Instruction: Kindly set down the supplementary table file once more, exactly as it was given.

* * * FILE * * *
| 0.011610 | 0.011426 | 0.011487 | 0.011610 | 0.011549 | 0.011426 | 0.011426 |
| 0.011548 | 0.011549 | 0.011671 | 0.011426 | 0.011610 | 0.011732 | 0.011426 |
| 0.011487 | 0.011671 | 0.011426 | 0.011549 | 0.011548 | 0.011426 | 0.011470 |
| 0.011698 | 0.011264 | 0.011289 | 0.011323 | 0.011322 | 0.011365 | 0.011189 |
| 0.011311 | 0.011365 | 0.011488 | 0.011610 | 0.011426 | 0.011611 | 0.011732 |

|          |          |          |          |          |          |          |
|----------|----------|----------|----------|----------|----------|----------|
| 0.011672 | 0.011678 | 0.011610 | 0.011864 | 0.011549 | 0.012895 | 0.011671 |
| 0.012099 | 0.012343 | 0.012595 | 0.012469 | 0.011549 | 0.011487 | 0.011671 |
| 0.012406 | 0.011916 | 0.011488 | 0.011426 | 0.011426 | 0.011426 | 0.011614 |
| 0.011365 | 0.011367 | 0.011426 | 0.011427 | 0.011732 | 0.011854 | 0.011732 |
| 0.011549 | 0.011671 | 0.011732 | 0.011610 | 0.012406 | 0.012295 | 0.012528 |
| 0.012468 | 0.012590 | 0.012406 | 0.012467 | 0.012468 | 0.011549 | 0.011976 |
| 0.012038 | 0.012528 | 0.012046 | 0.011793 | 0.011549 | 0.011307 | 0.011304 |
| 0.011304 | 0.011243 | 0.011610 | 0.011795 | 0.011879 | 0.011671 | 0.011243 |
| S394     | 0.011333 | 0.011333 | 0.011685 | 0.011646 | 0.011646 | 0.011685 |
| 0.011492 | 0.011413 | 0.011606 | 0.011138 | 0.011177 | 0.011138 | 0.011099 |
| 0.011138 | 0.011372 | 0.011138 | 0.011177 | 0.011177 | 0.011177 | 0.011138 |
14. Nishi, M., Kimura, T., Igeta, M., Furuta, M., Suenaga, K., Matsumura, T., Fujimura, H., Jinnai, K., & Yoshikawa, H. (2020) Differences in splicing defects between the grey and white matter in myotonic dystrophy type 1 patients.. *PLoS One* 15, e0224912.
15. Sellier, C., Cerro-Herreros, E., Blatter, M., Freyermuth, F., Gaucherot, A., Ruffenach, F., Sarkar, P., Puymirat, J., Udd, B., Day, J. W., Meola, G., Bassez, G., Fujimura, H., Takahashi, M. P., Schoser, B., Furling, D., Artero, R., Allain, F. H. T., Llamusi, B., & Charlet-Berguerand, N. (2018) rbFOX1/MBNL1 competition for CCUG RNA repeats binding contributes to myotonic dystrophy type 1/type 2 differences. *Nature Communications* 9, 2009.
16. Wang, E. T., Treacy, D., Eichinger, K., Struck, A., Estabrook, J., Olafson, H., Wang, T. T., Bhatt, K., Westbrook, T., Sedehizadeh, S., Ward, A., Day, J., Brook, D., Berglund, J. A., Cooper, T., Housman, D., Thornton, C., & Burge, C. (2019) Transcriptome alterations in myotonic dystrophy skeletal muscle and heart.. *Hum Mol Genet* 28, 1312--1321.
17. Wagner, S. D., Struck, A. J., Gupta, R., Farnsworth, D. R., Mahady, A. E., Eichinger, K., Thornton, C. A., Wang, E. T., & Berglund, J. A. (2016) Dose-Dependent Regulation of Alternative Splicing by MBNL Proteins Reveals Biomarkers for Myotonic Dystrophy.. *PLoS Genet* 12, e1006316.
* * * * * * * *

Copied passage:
| 0.011610 | 0.011426 | 0.011487 | 0.011610 | 0.011549 | 0.011426 | 0.011426 |
| 0.011548 | 0.011549 | 0.011671 | 0.011426 | 0.011610 | 0.011732 | 0.011426 |
| 0.011487 | 0.011671 | 0.011426 | 0.011549 | 0.011548 | 0.011426 | 0.011470 |
| 0.011698 | 0.011264 | 0.011289 | 0.011323 | 0.011322 | 0.011365 | 0.011189 |
| 0.011311 | 0.011365 | 0.011488 | 0.011610 | 0.011426 | 0.011611 | 0.011732 |

|          |          |          |          |          |          |          |
|----------|----------|----------|----------|----------|----------|----------|
| 0.011672 | 0.011678 | 0.011610 | 0.011864 | 0.011549 | 0.012895 | 0.011671 |
| 0.012099 | 0.012343 | 0.012595 | 0.012469 | 0.011549 | 0.011487 | 0.011671 |
| 0.012406 | 0.011916 | 0.011488 | 0.011426 | 0.011426 | 0.011426 | 0.011614 |
| 0.011365 | 0.011367 | 0.011426 | 0.011427 | 0.011732 | 0.011854 | 0.011732 |
| 0.011549 | 0.011671 | 0.011732 | 0.011610 | 0.012406 | 0.012295 | 0.012528 |
| 0.012468 | 0.012590 | 0.012406 | 0.012467 | 0.012468 | 0.011549 | 0.011976 |
| 0.012038 | 0.012528 | 0.012046 | 0.011793 | 0.011549 | 0.011307 | 0.011304 |
| 0.011304 | 0.011243 | 0.011610 | 0.011795 | 0.011879 | 0.011671 | 0.011243 |
| S394     | 0.011333 | 0.011333 | 0.011685 | 0.011646 | 0.011646 | 0.011685 |
| 0.011492 | 0.011413 | 0.011606 | 0.011138 | 0.011177 | 0.011138 | 0.011099 |
| 0.011138 | 0.011372 | 0.011138 | 0.011177 | 0.011177 | 0.011177 | 0.011138 |
14. Nishi, M., Kimura, T., Igeta, M., Furuta, M., Suenaga, K., Matsumura, T., Fujimura, H., Jinnai, K., & Yoshikawa, H. (2020) Differences in splicing defects between the grey and white matter in myotonic dystrophy type 1 patients.. *PLoS One* 15, e0224912.
15. Sellier, C., Cerro-Herreros, E., Blatter, M., Freyermuth, F., Gaucherot, A., Ruffenach, F., Sarkar, P., Puymirat, J., Udd, B., Day, J. W., Meola, G., Bassez, G., Fujimura, H., Takahashi, M. P., Schoser, B., Furling, D., Artero, R., Allain, F. H. T., Llamusi, B., & Charlet-Berguerand, N. (2018) rbFOX1/MBNL1 competition for CCUG RNA repeats binding contributes to myotonic dystrophy type 1/type 2 differences. *Nature Communications* 9, 2009.
16. Wang, E. T., Treacy, D., Eichinger, K., Struck, A., Estabrook, J., Olafson, H., Wang, T. T., Bhatt, K., Westbrook, T., Sedehizadeh, S., Ward, A., Day, J., Brook, D., Berglund, J. A., Cooper, T., Housman, D., Thornton, C., & Burge, C. (2019) Transcriptome alterations in myotonic dystrophy skeletal muscle and heart.. *Hum Mol Genet* 28, 1312--1321.
17. Wagner, S. D., Struck, A. J., Gupta, R., Farnsworth, D. R., Mahady, A. E., Eichinger, K., Thornton, C. A., Wang, E. T., & Berglund, J. A. (2016) Dose-Dependent Regulation of Alternative Splicing by MBNL Proteins Reveals Biomarkers for Myotonic Dystrophy.. *PLoS Genet* 12, e1006316.